Malay origin, from 70,000 years ago to present day.
The largest megalitihic site in all of Southeastern Asia, located at Gunung Padang in Java island dated 6,500 years BP (before present) by carbon radiometric dating at 3–4 metres below the surface (12,500 years at 8 to 10 metres below the surface), and the artifacts at the surface date to about 4,800 years BP. The site constructed by Austromelanesoid people (Australoid race)
The oldest evidence of human settlement in Sumatera found in Gua Harimau, Indonesia circa 20,000 years BP. The area first inhabited by Austro-Melanesia from 15,000 years BP and later Austro-Mongoloid from 3,000 years BP.
Most complete human sekeleton found in Lenggong Perak, Malaysia dated 11,000 years belong Austromelanesoid people (Australoid race).
The Srivijayan inscription (Kedukan Bukit Inscription) is a close cousin rather than an ancestor of Classical Malay. This is due to the existence of a number of morphological and syntactic peculiarities, and affixes which are familiar from the related Batak and Javanese languages but are not found even in the oldest manuscripts of Classical Malay. Moreover, although the earliest evidence of Classical Malay had been found in the Malay peninsular from 1303 (Terengganu inscription). Old Malay remained in use as a written language in Sumatra right up to the end of the 14th century, evidenced from Bukit Gombak inscription dated 1357 and Tanjung Tanah manuscript of Adityavarman era (1347–1375).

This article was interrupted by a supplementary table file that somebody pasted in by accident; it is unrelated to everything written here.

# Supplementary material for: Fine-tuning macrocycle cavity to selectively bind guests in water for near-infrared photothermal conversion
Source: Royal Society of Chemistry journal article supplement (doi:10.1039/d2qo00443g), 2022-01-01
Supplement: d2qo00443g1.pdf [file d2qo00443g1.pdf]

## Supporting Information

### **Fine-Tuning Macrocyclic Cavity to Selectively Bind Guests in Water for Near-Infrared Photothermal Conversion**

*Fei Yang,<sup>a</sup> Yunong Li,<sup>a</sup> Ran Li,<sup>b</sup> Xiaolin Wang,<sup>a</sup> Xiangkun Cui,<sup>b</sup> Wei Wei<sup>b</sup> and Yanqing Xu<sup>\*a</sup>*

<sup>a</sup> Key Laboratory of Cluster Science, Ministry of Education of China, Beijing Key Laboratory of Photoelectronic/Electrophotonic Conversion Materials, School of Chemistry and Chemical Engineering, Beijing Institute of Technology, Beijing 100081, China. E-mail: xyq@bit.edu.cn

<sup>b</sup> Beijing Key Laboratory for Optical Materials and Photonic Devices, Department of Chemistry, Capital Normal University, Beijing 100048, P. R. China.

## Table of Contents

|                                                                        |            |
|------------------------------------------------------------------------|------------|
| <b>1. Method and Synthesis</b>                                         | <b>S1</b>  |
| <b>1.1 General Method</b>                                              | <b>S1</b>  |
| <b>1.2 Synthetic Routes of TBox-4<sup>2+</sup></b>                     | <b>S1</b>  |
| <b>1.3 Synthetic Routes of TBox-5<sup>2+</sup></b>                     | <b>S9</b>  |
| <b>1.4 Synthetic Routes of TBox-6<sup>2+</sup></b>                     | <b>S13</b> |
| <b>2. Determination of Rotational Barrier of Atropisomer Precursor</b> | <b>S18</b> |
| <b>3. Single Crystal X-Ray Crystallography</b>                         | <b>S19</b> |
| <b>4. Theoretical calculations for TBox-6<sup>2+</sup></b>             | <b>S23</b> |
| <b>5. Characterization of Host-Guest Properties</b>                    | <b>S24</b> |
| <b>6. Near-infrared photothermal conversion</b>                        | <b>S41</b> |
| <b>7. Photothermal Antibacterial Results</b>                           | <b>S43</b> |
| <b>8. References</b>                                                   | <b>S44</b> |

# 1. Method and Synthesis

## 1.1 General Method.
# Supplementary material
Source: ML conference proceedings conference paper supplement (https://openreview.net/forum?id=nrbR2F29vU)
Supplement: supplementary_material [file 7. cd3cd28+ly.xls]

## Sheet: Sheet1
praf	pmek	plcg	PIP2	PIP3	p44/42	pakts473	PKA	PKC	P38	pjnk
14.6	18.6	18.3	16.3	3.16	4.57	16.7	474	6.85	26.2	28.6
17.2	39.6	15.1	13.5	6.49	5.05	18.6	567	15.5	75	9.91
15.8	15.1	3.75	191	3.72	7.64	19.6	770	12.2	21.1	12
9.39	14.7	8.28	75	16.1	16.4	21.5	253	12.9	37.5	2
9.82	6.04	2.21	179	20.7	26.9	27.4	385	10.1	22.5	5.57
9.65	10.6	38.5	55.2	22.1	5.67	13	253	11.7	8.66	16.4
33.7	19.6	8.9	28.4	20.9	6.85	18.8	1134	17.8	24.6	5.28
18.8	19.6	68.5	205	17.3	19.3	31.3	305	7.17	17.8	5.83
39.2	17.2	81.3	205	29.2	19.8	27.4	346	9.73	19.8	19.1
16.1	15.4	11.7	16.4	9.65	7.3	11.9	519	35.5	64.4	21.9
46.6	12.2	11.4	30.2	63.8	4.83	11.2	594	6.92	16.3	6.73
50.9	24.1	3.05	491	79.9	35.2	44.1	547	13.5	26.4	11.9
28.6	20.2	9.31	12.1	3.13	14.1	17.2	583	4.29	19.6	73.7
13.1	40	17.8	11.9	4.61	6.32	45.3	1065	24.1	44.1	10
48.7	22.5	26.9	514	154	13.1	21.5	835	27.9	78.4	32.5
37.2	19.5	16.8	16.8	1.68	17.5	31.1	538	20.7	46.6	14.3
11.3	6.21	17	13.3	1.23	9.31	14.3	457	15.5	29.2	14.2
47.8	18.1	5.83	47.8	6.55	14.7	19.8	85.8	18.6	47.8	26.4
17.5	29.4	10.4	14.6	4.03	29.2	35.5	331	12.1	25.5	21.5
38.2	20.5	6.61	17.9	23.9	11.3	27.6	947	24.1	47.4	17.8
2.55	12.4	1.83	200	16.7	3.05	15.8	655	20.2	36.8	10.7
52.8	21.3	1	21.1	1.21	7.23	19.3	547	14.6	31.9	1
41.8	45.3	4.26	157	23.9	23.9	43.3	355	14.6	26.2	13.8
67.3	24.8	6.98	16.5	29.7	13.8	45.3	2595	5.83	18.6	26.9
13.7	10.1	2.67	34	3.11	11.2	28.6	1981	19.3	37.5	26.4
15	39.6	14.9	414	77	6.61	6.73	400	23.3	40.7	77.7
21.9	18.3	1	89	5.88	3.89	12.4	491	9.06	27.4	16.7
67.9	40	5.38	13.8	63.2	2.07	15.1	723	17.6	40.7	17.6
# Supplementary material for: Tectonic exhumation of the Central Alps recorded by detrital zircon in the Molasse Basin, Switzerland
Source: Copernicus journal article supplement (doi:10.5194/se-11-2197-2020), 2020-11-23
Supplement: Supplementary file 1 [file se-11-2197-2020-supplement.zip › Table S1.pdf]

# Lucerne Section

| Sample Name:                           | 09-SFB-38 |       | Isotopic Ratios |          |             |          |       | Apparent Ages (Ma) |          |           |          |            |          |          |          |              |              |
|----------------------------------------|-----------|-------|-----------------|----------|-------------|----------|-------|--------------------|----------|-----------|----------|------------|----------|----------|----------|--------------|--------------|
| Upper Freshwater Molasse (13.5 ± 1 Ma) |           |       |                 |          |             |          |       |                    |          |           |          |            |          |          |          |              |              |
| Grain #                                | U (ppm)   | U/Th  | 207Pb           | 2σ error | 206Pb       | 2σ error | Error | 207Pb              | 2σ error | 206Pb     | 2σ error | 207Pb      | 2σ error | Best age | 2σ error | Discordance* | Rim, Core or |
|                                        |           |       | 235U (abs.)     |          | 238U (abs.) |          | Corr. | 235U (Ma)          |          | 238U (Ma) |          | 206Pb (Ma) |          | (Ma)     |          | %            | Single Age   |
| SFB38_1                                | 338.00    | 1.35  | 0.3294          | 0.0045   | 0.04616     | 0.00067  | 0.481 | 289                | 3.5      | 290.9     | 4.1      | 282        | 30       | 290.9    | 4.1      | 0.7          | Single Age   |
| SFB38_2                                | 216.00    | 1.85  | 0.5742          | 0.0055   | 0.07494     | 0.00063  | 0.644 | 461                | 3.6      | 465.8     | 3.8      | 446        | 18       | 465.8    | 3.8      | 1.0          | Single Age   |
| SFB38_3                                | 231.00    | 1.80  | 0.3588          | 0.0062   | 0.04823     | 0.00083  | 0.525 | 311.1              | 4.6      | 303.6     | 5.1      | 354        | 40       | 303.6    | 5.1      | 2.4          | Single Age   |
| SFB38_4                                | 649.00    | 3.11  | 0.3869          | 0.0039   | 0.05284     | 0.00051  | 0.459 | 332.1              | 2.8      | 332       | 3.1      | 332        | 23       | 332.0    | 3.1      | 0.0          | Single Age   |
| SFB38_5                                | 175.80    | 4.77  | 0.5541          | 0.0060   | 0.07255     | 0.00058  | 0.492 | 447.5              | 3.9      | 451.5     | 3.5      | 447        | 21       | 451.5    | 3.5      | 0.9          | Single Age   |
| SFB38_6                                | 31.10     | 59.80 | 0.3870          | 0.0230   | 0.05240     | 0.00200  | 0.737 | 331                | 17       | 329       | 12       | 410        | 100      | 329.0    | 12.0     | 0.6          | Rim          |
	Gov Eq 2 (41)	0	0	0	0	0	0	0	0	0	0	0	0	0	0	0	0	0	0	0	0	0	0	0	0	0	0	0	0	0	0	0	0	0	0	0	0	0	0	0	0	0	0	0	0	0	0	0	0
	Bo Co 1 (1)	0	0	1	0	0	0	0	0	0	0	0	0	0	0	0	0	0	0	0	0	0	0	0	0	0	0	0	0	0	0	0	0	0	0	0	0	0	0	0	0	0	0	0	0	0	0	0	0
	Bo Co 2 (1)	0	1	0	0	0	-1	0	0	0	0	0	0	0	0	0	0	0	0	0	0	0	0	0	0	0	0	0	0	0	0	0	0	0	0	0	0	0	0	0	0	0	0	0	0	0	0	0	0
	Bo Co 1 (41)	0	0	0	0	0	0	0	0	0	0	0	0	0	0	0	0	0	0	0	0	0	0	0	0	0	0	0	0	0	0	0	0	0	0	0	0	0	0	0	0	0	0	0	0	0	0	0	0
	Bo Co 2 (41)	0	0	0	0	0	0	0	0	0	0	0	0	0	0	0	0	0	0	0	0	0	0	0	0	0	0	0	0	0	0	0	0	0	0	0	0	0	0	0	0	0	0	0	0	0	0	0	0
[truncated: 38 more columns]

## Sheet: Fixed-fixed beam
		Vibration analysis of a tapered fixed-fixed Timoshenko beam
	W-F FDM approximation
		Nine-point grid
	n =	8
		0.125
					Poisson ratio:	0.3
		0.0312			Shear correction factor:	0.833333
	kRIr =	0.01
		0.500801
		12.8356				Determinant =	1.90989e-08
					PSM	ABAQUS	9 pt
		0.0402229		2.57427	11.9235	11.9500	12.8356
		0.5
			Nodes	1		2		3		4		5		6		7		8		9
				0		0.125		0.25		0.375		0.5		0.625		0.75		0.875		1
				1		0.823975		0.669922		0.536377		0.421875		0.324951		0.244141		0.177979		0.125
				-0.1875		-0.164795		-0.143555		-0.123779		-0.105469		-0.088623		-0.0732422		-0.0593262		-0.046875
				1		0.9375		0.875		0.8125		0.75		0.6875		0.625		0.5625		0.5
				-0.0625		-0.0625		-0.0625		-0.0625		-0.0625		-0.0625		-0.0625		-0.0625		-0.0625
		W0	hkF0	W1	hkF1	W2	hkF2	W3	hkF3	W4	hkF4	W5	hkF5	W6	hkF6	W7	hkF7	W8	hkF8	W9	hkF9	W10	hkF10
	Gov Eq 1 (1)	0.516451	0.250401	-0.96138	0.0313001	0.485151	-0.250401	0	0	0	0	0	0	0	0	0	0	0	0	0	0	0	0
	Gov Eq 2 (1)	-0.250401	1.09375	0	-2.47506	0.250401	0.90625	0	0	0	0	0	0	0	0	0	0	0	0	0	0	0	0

Prasasti Srivijaya (Kedukan Bukit Inscription) adalah sepupu rapat bukannya moyang kepada bahasa Melayu klasik. Ini adalah disebabkan oleh kewujudan beberapa keunikan morfologi dan sintaksis, yang biasa berkait dengan bahasa Batak dan Jawa tetapi tidak wujud dalam manuskrip tertua bahasa Melayu klasik. Selain itu, walaupun bukti terawal bahasa Melayu klasik telah dijumpai di Semenanjung Melayu bertarikh tahun 1303 (tulisan Terengganu), bahasa Melayu kuno kekal digunakan sebagai bahasa bertulis di Sumatera sehingga ke akhir abad ke-14, dibuktikan dari Bukit Gombak prasasti bertarikh 1357 dan Tanjung Tanah manuskrip era Adityawarman (1347-1375).
The Y haplogroup DNA displayed in this video, show average estimation frequencies for Malay DNA. Not all individual Malay person have close genetic relatives to South Indian or West Asian DNA and in some places might not have it at all. The O1, O2 and O3 ( Y haplogroup) might also differed in frequencies for some individual Malays. By mean of mitochondrial DNA, peoples (natives) in south east Asia had mitochondrial E which possible time of origin 16,400 to 39,000 years before present and originated in South East Asia.
Before 1800, classic Malay language were already being used in the archipelago, spread via Malacca – Johore culture and trade diaspora.
Kutai Kingdom located in East Kalimantan from 350 to 1605 AD a Malay kingdom believed to have been established by native of Borneo. This kingdom adopt hinduism and indian culture.
One of the earliest Chinese records is the 977 AD letter to Chinese emperor from the ruler of Po-ni (Brunei), which some scholars believe to refer to Borneo.
Rencong, or “Rentjong,” is a general term used to refer to any native writing systems found in central and south Sumatra, including Kerinci, Bengkulu, Palembang and Lampung. These scripts lasted until the 18th century, when the Dutch colonised Indonesia. These scripts were used to write manuscripts in native languages and in Malay, such as the Tanjung Tanah Code of Law. The Malay writing was gradually replaced by the Jawi script, a localized version of the Arabic script.
Correction at 1:44. Southern India not marked as part of south Asia because of technical glitch during render stage of this video. It’s fig fruit mentioned in 38 : 35 by the newscaster not canned fruit.
Credit to :
– Lancang Kuning – Melayu Riau Channel
– Onang Onang – Issac Pulungan channel
– Dani Warguide
– Samudera Ensemble
– Artoflife tv
– Dokoh Boutique